Programming Classes for Everyone

As I write this teacher friends in Texas and Florida are getting ready to go back to school in the next week or so. I’m sure that many other teachers in other states are also getting ready. My wife, a middle/high school librarian, is a few short weeks from going back to work herself. It’s and exciting time filled with promise. Well it is for most teachers. But for teachers of computer science there is some uncertainty on the horizon.

One of the things I am hearing from teachers around the country is that school districts are cutting back on computer science. I know a teacher who used to teach a number of programming classes who is once again a full-time English teacher. Now there is nothing wrong with teaching English. I loved English as a student. But I do not think that dropping programming is a good idea.

Before I was a teacher I did not see a lot of value in teaching programming to high school students, let alone students younger than that. Nine years in the classroom changed my mind. In fact now I not only thing that high schools should offer programming as an elective I think it should be a required course. When I say that someone almost always responds with one of a couple of objections:

  • Programming is a vocational school and we are a college preparatory school.
  • Programming is too hard for many students.
  • We need to focus on core skills so our students can pass standardized tests.

I think that all three of these objections miss something important. Programming is about problem solving and critical thinking. The last I look those were important schools for college bound students, students headed straight for the work place or trade schools *and* knowing how to solve problems is often useful when taking a standardized test.

I agree that many programming courses are hard. I would not suggest that a student with no programming preparation should enroll in an Advanced Placement Computer Science course. (Although that is the first programming course in far too many schools.) I can’t imagine someone accepting a student in AP Calculus if they had no prior courses in mathematics. Can you imagine an AP Calculus teacher teaching addition, subtraction, multiplication and division in there class? I don’t think so. And yet many AP CS teachers have to start from scratch. No wonder students find themselves in too deep.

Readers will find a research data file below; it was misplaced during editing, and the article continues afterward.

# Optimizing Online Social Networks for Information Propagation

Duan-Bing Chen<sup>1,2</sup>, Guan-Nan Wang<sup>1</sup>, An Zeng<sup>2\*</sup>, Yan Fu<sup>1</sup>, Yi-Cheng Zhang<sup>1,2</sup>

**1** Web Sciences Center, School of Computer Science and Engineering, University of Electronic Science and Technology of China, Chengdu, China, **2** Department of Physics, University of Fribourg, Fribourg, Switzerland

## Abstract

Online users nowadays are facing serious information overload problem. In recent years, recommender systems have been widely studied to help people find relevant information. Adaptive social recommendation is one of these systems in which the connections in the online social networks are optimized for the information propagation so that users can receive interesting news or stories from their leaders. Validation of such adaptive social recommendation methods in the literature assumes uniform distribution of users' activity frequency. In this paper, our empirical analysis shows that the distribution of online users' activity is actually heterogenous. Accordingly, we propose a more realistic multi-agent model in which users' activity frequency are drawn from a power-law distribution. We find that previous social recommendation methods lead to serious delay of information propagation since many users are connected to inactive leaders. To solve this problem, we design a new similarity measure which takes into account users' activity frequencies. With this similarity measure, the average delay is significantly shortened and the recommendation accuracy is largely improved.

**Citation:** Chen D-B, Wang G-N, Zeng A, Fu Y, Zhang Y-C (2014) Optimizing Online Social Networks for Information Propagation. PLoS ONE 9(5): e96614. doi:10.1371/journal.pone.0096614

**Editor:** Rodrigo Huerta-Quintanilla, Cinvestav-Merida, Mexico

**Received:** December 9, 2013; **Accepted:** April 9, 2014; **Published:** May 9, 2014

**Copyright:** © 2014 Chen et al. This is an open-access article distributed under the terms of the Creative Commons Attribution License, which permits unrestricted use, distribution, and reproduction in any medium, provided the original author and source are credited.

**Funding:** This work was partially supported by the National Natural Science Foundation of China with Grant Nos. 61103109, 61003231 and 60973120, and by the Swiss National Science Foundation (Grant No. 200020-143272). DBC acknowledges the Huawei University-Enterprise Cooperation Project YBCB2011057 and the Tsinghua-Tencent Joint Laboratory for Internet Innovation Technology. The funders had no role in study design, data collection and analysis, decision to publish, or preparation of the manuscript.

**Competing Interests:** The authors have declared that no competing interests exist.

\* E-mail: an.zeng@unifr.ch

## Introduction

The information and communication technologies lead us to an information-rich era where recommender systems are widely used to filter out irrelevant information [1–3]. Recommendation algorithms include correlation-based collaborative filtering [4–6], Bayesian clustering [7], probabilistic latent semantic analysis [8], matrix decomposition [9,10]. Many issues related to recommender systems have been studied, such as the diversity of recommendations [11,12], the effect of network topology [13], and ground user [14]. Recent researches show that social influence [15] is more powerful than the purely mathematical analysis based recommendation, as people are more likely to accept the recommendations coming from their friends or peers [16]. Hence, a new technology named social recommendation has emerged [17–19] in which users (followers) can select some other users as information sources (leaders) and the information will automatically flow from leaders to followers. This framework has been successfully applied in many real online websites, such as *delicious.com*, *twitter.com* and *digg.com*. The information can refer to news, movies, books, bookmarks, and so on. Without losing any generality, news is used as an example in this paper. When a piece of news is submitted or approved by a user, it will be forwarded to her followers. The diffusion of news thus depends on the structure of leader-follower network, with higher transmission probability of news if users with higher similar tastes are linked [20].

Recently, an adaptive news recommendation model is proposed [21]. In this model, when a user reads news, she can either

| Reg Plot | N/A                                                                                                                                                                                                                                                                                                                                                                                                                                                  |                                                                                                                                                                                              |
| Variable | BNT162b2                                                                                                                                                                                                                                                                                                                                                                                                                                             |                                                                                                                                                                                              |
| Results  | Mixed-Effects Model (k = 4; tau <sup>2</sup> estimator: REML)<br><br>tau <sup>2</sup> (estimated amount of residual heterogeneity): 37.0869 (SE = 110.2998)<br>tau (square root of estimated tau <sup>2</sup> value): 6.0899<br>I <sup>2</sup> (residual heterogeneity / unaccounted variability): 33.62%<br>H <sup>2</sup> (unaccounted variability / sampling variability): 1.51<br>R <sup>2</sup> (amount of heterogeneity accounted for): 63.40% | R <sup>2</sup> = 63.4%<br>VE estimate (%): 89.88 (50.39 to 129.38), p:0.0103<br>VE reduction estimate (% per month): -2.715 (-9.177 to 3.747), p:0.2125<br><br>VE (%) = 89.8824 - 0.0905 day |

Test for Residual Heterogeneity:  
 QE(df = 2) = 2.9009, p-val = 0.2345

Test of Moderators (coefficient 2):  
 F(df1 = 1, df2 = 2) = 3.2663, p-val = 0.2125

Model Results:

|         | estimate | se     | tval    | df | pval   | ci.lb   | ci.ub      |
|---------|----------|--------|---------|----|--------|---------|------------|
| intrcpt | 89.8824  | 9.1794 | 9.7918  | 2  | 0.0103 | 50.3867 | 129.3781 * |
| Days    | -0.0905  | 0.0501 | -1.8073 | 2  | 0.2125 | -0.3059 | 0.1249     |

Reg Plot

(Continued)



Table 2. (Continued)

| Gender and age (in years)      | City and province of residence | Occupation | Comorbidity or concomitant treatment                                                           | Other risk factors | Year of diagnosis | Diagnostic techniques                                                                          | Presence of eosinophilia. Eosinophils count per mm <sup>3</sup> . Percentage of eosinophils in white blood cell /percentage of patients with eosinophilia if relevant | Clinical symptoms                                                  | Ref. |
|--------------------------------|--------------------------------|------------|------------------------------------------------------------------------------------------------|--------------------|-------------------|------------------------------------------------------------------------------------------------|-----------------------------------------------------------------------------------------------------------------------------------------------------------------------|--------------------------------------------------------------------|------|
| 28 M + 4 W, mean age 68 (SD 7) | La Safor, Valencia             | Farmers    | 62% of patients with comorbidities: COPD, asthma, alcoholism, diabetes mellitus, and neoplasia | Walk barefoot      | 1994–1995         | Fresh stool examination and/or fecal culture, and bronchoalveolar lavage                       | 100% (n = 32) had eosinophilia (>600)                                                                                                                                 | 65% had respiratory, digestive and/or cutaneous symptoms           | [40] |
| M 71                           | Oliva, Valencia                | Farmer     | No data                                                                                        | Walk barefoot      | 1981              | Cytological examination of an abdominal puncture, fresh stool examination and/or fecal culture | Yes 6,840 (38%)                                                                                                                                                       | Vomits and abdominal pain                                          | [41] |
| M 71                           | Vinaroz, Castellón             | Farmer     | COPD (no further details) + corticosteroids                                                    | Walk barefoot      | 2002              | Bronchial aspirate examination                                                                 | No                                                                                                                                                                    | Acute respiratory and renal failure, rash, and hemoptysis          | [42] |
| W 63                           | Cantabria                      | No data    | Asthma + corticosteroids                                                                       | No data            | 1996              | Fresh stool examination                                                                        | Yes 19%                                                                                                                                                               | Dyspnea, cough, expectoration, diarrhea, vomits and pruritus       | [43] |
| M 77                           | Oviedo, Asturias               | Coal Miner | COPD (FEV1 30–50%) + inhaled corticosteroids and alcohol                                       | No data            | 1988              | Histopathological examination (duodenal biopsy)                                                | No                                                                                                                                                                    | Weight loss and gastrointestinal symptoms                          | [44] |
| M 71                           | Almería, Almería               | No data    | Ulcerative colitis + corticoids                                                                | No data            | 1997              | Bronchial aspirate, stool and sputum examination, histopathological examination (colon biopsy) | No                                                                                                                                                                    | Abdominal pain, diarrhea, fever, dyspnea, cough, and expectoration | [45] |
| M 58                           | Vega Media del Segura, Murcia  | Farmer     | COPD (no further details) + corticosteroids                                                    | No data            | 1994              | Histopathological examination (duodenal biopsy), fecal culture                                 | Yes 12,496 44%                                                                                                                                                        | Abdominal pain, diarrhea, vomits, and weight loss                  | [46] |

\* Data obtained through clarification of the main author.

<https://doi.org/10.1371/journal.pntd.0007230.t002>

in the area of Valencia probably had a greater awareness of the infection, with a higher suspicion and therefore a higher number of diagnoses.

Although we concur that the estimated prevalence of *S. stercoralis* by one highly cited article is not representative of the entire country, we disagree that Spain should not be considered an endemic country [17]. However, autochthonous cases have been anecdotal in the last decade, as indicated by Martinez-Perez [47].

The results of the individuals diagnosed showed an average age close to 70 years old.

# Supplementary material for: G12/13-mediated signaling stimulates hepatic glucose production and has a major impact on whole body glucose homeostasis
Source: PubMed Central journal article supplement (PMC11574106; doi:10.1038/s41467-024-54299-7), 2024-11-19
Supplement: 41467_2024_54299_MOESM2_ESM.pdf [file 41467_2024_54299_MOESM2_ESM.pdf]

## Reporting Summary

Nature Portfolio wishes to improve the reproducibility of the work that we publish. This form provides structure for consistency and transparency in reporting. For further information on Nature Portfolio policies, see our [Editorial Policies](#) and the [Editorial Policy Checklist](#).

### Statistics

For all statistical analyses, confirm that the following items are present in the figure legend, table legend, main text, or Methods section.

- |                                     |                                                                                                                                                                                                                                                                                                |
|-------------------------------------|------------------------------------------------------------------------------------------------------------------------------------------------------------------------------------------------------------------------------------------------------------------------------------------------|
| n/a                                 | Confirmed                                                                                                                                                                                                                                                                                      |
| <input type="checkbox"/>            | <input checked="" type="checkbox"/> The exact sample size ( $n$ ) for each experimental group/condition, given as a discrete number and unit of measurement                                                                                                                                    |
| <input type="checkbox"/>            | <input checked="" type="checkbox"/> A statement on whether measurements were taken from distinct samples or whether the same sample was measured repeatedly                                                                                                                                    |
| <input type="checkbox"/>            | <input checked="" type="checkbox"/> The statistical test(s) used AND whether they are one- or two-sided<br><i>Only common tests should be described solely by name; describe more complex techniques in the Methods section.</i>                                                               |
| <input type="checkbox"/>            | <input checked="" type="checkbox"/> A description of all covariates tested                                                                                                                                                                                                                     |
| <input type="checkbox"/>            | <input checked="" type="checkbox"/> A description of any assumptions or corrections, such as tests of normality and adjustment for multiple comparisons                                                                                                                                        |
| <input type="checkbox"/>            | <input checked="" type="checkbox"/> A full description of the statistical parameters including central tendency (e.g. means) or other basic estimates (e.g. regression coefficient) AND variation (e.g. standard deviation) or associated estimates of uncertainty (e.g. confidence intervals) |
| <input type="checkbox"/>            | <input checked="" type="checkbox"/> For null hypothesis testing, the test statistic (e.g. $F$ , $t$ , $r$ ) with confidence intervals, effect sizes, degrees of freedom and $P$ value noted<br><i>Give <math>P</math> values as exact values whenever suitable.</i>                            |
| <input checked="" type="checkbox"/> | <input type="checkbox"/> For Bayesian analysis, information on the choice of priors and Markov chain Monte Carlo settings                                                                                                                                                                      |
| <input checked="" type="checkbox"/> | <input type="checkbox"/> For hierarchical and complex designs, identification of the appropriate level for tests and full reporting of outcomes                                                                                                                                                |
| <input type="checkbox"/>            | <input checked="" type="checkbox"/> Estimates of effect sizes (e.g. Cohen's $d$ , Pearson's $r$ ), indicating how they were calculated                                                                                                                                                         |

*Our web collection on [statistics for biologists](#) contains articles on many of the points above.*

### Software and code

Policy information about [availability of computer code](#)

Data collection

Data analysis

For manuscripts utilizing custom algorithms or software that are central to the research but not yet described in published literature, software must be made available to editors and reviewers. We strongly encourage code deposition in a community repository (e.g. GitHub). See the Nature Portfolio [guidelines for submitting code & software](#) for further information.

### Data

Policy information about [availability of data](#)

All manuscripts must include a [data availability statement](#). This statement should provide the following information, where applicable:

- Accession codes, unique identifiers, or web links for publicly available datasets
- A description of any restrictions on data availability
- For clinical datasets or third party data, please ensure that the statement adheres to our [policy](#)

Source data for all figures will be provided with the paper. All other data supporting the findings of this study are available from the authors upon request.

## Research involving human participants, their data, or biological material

That being said, a programming course can be fun and approachable for any student. Languages like Visual Basic .NET are not scary. Windows Forms, a key part of Visual Studio .NET, allows students to create real Windows programs with very little code and achieve real success early on in a course. There are free resource materials including a complete curriculum available at Check out the Curriculum Center.

I’ll have more to say about programming for everyone and teaching critical thinking and planning skills in future blogs. See you soon!

Comments (3)

  1. tzagotta says:

    Hi Alfred, I must respectfully disagree with your thesis. While I agree that generate computer skills are important to be taught in school, programming is not. This is simply not an essential skill for all students.

    I would liken this to auto repair classes. Sure, it would be a useful skill – but should everyone learn it? Everyone should learn to drive, but only those interested should learn how to fix or build a car. Or home building…

    At the end of the day, the world is not just about computers (or cars, or houses, …).

    p.s. I’m currently a software engineer/manager/business owner, have been involved in computers since about age 13. Took computer classes in school, but they were too easy, too general.

  2. AlfredTh says:

    Thanks for your comment.

    Some years ago I would have (actually probably did) say the same thing. But my point is not that we teach programming to create programmers. We do not teach English to create novelists. And we teach a lot of math and science that almost no one ever uses. We teach those subjects for the benefits they create in improving the mind and the way people think. And I think you may underestimate the transference of skills involved in programming.

    The whole idea of decision making (Boolean algebra, if-then-else, etc.) applies to the way we analyze problems and make decisions in the real (i.e. not programming) world. To say nothing of how much better you can use computer applications if you understand those things.

    I think that critical thinking is an important thing that is missing from today’s education. Programming is, I think, one of the best ways to teach that skill. So it is not about creating programmers or even dealing with computers but dealing with problems that I think justify teaching programming.

  3. tzagotta says:

    Alfred, thank you for your thoughtful reply.

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